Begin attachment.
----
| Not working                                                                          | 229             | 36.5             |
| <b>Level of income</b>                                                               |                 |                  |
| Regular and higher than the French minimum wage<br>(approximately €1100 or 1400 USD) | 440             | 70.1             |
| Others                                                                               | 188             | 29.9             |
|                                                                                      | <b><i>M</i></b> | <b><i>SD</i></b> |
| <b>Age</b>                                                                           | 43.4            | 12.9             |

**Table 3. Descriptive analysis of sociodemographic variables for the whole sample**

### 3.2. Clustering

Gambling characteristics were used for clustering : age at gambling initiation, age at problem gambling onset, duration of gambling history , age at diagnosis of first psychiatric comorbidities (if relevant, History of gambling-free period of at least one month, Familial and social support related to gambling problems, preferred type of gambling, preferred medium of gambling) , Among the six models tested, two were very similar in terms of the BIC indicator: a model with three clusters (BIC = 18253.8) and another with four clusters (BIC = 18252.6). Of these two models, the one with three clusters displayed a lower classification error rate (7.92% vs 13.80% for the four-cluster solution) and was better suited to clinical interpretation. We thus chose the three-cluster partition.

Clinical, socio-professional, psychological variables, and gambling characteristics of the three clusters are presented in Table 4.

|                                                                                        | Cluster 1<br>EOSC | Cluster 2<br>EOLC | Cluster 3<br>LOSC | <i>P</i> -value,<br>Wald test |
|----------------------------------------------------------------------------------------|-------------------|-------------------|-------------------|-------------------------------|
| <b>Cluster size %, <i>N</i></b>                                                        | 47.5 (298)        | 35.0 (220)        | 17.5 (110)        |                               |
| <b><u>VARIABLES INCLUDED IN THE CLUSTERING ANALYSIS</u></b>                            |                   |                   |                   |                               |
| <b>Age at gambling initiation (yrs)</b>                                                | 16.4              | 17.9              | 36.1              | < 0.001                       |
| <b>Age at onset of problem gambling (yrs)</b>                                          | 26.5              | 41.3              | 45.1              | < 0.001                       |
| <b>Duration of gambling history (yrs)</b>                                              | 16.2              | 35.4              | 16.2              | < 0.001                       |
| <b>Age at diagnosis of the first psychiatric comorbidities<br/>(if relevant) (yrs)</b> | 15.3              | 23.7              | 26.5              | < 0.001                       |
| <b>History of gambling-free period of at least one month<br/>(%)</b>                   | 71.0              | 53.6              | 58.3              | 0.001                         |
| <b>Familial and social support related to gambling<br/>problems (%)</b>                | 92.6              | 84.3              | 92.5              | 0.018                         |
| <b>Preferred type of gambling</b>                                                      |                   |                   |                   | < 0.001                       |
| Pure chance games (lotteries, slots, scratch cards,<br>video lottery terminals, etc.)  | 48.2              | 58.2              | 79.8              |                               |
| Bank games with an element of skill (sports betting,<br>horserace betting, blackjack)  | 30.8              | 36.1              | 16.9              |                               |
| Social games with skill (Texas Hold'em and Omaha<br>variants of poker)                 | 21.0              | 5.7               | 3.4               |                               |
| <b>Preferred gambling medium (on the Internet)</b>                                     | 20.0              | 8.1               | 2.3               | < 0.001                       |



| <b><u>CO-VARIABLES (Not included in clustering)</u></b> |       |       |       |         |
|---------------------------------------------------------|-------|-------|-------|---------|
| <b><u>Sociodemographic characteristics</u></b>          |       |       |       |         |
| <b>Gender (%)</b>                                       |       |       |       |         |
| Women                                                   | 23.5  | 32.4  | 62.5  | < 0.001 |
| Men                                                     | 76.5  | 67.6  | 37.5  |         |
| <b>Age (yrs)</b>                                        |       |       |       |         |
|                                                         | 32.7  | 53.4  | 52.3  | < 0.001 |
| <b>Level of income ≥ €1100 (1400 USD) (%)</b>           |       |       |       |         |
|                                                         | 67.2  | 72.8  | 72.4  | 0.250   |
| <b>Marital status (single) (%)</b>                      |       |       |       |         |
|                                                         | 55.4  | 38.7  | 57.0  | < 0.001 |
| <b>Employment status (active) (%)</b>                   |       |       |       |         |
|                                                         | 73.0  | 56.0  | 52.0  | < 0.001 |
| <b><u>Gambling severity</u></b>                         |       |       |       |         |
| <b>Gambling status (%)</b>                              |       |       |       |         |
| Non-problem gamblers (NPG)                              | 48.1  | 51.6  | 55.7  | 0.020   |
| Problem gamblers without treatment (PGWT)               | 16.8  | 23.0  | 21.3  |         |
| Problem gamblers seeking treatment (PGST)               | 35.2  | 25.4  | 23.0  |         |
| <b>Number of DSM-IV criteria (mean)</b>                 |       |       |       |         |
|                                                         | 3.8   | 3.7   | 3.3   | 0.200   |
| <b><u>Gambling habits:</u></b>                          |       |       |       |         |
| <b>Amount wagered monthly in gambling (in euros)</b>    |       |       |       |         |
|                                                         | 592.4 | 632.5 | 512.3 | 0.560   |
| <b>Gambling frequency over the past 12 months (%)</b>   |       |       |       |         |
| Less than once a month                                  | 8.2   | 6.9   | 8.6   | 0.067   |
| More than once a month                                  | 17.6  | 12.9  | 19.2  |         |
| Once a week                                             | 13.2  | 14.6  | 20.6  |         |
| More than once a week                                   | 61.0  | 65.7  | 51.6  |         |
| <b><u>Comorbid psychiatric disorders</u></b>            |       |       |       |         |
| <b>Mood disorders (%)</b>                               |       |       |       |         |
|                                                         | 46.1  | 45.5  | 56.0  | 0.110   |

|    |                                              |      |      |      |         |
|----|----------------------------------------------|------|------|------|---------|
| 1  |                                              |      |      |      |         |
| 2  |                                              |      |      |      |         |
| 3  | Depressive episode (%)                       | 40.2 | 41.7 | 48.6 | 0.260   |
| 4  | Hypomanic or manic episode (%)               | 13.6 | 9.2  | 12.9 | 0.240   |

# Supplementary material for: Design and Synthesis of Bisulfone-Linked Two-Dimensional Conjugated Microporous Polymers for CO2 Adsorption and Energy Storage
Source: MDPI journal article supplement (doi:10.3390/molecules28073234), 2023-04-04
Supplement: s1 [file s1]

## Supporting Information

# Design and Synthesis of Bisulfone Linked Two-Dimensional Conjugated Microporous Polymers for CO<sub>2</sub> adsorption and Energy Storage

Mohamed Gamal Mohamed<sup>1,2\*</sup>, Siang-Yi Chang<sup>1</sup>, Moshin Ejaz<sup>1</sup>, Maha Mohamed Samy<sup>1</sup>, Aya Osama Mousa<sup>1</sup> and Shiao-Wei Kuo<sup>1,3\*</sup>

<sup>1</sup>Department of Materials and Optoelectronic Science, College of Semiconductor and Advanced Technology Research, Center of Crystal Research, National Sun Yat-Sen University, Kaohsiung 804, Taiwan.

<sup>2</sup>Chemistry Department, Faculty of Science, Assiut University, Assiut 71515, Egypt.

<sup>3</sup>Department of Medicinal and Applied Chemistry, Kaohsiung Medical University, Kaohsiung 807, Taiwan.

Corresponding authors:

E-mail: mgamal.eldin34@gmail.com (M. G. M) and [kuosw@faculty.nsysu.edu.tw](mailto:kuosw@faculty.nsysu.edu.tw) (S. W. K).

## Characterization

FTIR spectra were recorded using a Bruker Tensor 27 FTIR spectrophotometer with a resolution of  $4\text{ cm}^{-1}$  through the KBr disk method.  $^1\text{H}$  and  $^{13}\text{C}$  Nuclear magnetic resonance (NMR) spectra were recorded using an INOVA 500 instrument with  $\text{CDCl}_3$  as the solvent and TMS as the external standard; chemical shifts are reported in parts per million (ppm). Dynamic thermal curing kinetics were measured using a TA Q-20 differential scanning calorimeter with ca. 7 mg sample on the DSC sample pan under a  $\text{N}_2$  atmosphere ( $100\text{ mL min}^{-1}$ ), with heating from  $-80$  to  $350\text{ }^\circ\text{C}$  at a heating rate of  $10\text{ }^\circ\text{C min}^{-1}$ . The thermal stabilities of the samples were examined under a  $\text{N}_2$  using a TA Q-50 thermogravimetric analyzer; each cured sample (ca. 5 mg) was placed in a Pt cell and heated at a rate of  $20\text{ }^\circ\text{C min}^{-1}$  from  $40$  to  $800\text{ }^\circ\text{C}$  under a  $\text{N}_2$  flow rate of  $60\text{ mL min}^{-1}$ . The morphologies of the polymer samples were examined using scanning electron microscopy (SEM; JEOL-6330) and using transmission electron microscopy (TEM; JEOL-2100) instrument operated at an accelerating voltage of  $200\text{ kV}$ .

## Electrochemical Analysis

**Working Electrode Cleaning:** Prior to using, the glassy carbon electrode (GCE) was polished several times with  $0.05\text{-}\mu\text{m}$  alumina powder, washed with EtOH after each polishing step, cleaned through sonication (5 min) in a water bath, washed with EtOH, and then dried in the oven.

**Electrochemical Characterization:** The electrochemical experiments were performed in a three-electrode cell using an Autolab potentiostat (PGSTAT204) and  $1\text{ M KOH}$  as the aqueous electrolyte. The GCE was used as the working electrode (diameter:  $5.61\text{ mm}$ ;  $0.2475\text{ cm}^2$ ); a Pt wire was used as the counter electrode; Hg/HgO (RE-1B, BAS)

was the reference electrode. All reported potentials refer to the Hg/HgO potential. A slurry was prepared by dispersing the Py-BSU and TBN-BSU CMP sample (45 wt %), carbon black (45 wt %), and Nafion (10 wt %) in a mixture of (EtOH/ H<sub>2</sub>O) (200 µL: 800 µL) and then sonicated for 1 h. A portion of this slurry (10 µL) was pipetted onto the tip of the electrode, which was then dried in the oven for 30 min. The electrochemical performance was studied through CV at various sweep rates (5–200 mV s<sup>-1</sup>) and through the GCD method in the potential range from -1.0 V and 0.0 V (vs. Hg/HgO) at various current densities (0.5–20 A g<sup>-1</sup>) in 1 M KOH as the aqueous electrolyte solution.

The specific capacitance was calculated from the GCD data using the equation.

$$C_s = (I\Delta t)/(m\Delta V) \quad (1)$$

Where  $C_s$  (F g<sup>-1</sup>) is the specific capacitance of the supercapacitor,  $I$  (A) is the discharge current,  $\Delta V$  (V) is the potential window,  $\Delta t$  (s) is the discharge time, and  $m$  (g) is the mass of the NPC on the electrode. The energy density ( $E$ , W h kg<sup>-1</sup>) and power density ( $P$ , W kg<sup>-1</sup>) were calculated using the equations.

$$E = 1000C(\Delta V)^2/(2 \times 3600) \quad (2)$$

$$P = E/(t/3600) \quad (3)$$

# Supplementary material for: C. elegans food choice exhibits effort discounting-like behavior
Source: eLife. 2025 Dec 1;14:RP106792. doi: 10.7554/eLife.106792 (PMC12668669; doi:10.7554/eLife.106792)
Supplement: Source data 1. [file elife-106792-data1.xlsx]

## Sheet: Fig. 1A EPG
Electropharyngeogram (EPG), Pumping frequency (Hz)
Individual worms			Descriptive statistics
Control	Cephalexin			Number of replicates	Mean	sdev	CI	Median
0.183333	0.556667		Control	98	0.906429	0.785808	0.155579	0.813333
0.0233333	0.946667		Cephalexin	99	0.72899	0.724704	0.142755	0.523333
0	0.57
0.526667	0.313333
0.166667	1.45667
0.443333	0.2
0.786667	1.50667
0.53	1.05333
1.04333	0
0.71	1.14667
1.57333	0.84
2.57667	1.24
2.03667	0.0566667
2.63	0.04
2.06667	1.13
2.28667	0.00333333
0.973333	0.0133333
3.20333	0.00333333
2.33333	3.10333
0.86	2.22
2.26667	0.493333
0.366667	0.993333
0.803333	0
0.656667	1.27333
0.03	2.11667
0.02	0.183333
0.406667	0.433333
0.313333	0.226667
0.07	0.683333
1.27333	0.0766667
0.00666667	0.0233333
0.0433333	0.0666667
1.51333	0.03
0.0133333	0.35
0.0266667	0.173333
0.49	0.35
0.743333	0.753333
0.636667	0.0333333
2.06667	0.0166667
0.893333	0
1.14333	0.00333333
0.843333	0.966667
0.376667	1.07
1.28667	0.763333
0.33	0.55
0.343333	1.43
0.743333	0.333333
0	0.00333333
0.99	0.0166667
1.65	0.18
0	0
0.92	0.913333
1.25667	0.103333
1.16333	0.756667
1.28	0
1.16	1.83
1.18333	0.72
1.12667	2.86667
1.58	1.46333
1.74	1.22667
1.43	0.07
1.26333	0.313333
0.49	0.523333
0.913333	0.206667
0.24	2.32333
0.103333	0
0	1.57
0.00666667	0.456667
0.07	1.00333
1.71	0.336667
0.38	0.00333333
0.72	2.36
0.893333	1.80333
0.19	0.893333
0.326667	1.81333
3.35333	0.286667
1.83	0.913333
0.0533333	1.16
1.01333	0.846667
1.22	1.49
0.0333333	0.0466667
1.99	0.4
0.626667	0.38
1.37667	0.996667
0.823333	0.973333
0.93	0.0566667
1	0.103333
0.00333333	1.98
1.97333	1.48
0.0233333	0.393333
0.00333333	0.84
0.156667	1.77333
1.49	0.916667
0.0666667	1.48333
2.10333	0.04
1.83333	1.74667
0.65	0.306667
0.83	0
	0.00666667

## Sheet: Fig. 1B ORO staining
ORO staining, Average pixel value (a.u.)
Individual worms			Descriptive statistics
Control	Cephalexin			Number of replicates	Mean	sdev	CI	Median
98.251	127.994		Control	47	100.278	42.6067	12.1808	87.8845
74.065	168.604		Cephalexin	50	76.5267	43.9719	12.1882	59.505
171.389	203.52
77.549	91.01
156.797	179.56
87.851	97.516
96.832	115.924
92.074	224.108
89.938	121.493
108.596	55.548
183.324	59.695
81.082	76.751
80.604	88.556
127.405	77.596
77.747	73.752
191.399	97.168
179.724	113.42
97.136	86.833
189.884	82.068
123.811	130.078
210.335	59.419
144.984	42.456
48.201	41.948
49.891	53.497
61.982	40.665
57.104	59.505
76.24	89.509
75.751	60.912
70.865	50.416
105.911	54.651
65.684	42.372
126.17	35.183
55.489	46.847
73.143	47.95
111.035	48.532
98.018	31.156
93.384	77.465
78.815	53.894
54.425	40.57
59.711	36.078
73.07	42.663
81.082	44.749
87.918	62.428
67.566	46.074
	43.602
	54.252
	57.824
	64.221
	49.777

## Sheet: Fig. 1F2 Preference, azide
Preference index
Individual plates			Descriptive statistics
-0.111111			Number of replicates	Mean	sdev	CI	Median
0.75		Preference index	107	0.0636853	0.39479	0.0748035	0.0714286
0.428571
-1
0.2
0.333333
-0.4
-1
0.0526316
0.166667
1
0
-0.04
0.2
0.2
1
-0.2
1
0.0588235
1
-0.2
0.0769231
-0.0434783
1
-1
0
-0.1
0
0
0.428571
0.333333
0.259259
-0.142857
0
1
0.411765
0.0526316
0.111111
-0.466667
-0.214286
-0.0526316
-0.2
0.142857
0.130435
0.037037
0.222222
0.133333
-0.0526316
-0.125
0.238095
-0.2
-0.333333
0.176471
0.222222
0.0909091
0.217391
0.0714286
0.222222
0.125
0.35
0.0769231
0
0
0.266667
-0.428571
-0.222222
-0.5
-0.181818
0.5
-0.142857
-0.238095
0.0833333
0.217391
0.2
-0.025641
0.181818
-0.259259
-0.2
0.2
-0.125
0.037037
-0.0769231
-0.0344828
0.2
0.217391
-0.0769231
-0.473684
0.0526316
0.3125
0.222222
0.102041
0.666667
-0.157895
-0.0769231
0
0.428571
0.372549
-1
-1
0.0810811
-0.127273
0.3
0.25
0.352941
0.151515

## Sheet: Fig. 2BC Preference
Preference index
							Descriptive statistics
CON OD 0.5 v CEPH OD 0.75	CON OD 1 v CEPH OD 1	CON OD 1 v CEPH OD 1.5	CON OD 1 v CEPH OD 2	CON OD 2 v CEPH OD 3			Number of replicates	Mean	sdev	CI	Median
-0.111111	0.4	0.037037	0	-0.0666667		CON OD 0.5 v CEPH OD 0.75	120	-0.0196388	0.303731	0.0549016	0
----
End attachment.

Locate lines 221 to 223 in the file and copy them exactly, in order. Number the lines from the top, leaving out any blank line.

57.104	59.505
76.24	89.509
75.751	60.912